When we consider the way video has helped fuel the movement that’s sometimes described as the Intellectual Dark Web, we often think about famous thinkers such as Jordan Peterson delivering speeches or lectures on YouTube and other social media sites. It’s a phenomenon I wrote about back in September, in a Quillette piece entitled Amidst the YouTube Junkies of MythCon, wherein I described the extraordinary popularity of video pundits collecting millions of hits with thoughtful—but often simple and low-budget—monologues delivered from their basement, bedroom or kitchen table.
But Washington, D.C.-based documentarian Rob Montz, co-founder and CEO of Good Kid Productions, takes a more ambitious approach. Montz has produced tightly narrated, inventively shot documentaries about American politics and campus life that manage to be both intellectually penetrating and surprisingly funny. One of his 2017 documentaries, published on We the Internet TV, won the 2018 Reason Video Prize. And his work has been covered in The Economist, The New York Times and the Washington Post.
In late March, I interviewed Montz for the Quillette podcast—a conversation you can listen to here. And for those looking to take a deeper dive into Montz’s work, here’s a selection of some of his most entertaining work, which tells the story of how, and why, sections of the American intelligentsia seem to have slipped into a state of febrile lunacy in recent years.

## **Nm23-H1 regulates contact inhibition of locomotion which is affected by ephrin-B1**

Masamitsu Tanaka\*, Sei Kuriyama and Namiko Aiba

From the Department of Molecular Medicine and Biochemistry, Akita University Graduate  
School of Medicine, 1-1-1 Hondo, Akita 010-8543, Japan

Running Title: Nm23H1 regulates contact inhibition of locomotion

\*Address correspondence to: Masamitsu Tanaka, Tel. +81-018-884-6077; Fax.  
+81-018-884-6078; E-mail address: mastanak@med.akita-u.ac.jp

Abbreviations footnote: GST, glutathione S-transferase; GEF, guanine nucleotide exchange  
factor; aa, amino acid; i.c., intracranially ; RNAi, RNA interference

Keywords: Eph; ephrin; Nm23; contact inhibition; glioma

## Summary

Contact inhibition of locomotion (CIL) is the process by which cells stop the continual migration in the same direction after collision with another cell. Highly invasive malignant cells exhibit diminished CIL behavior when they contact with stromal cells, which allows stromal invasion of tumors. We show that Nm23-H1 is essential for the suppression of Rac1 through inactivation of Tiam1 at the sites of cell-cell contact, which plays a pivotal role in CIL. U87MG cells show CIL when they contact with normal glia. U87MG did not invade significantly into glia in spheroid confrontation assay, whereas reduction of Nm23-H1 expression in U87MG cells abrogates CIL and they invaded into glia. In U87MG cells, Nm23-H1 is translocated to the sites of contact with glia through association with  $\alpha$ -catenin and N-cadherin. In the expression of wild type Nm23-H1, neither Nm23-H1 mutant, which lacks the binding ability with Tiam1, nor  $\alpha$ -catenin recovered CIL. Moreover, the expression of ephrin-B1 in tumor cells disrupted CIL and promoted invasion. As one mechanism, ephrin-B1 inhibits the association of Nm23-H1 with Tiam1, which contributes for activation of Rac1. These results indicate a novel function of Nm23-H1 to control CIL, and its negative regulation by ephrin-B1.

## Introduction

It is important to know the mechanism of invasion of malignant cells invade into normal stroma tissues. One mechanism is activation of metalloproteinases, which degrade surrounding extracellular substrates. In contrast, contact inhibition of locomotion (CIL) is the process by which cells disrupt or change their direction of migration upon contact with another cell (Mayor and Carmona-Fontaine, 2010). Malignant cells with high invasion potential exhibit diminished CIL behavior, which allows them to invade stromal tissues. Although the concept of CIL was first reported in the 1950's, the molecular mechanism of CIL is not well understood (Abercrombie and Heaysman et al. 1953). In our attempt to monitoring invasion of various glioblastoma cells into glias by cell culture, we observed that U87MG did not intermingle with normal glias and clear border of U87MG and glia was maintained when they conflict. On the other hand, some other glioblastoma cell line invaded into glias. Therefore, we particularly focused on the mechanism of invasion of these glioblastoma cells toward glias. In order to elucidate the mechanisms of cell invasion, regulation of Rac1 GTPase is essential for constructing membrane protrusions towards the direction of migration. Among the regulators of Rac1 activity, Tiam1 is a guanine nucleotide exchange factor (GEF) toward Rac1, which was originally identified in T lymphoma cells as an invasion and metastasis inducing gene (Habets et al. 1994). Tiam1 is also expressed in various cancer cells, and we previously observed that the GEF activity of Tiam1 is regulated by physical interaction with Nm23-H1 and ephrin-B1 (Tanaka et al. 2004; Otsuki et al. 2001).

In his 2016 We the Internet documentary, Silence U: Is the University Killing Free Speech and Open Debate?, Montz returns to his alma mater, Brown University, where he finds that a $200-million diversity-and-inclusion program has, paradoxically, spurred some of the campus’ most progressive students into a state of rebellion. Amazingly, Brown activists even tried to shut down a speech by a rape victim—because she questions the idea of America as being contaminated wholesale by “rape culture.”
A 2017 sequel, What Has Yale Become?, goes deeper into the question of why some of the most wealthy and privileged young adults in America have decided that their campuses are havens for savage bigotry. Drawing on interviews with students and professors, he concludes that the problem isn’t so much ideological as institutional: The bloating of university administrations—especially their diversity departments—has created a toxic co-dependency between middle-aged careerists and teenage wokesters.
In 2018, Montz completed his trilogy with Can the University of Chicago solve the campus free speech crisis?, a documentary screened at last year’s Heterodox Academy Open Mind Conference in New York. You can watch all these videos, and surf Montz’s other work—on subjects as diverse as streetcars, mass incarceration and North Korea—at his web site.
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